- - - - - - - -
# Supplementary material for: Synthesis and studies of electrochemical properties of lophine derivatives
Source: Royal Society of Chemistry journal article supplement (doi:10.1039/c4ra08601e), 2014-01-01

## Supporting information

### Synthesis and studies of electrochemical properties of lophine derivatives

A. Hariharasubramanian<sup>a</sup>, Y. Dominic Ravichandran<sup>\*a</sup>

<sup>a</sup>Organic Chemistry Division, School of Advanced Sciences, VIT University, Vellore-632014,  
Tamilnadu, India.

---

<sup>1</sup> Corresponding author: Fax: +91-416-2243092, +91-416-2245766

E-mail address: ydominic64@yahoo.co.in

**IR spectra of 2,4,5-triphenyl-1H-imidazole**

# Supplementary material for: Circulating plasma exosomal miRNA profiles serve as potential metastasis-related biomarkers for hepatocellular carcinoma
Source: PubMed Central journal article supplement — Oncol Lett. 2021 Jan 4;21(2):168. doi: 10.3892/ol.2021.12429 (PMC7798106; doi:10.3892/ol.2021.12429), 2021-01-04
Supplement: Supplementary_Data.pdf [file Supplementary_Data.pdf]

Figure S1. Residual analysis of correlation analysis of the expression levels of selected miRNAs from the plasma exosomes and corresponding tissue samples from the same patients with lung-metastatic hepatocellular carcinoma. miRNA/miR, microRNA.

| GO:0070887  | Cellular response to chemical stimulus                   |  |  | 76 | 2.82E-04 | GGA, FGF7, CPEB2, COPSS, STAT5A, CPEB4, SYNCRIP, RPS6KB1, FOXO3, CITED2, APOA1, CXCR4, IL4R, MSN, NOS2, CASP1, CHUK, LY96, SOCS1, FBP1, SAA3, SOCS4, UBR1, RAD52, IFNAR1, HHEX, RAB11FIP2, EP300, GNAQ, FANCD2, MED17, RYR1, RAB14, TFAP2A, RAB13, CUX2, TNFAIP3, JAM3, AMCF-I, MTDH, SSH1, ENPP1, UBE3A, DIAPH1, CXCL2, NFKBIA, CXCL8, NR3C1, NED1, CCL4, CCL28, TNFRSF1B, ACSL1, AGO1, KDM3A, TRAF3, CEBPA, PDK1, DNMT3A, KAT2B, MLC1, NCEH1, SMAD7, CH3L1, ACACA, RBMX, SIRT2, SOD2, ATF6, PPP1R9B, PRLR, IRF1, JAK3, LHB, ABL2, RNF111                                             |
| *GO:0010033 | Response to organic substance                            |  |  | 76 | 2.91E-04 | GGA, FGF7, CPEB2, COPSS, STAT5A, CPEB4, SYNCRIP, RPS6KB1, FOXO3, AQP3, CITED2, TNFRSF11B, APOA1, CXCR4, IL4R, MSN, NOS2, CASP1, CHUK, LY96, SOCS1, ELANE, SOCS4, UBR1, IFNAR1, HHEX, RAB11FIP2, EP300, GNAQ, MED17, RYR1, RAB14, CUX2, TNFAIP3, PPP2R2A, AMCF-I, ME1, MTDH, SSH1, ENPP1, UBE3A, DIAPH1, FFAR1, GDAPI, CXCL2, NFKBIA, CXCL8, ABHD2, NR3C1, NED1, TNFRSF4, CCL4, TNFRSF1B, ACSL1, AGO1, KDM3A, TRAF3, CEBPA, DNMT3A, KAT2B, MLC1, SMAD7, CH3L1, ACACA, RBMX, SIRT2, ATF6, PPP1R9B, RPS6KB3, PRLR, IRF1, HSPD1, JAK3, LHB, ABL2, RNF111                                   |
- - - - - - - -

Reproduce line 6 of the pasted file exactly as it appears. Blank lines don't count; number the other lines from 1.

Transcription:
<sup>a</sup>Organic Chemistry Division, School of Advanced Sciences, VIT University, Vellore-632014,  